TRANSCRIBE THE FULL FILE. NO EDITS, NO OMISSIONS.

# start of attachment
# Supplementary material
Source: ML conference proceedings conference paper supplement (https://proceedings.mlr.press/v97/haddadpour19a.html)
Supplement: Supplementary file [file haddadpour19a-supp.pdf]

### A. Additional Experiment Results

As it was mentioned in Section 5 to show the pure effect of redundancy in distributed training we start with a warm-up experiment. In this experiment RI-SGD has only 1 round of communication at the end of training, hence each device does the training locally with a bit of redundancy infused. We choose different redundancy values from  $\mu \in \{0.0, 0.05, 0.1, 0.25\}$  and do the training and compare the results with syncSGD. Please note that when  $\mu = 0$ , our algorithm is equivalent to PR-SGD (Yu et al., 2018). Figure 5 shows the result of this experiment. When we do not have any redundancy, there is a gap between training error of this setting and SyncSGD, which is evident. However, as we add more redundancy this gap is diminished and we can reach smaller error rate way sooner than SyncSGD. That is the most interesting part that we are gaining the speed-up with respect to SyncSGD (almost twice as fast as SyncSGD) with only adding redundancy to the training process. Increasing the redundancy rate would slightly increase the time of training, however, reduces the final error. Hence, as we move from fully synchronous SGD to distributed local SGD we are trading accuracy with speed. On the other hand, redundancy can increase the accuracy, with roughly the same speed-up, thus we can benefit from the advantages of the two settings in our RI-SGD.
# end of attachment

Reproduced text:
# Supplementary material
Source: ML conference proceedings conference paper supplement (https://proceedings.mlr.press/v97/haddadpour19a.html)
Supplement: Supplementary file [file haddadpour19a-supp.pdf]

### A. Additional Experiment Results

As it was mentioned in Section 5 to show the pure effect of redundancy in distributed training we start with a warm-up experiment. In this experiment RI-SGD has only 1 round of communication at the end of training, hence each device does the training locally with a bit of redundancy infused. We choose different redundancy values from  $\mu \in \{0.0, 0.05, 0.1, 0.25\}$  and do the training and compare the results with syncSGD. Please note that when  $\mu = 0$ , our algorithm is equivalent to PR-SGD (Yu et al., 2018). Figure 5 shows the result of this experiment. When we do not have any redundancy, there is a gap between training error of this setting and SyncSGD, which is evident. However, as we add more redundancy this gap is diminished and we can reach smaller error rate way sooner than SyncSGD. That is the most interesting part that we are gaining the speed-up with respect to SyncSGD (almost twice as fast as SyncSGD) with only adding redundancy to the training process. Increasing the redundancy rate would slightly increase the time of training, however, reduces the final error. Hence, as we move from fully synchronous SGD to distributed local SGD we are trading accuracy with speed. On the other hand, redundancy can increase the accuracy, with roughly the same speed-up, thus we can benefit from the advantages of the two settings in our RI-SGD.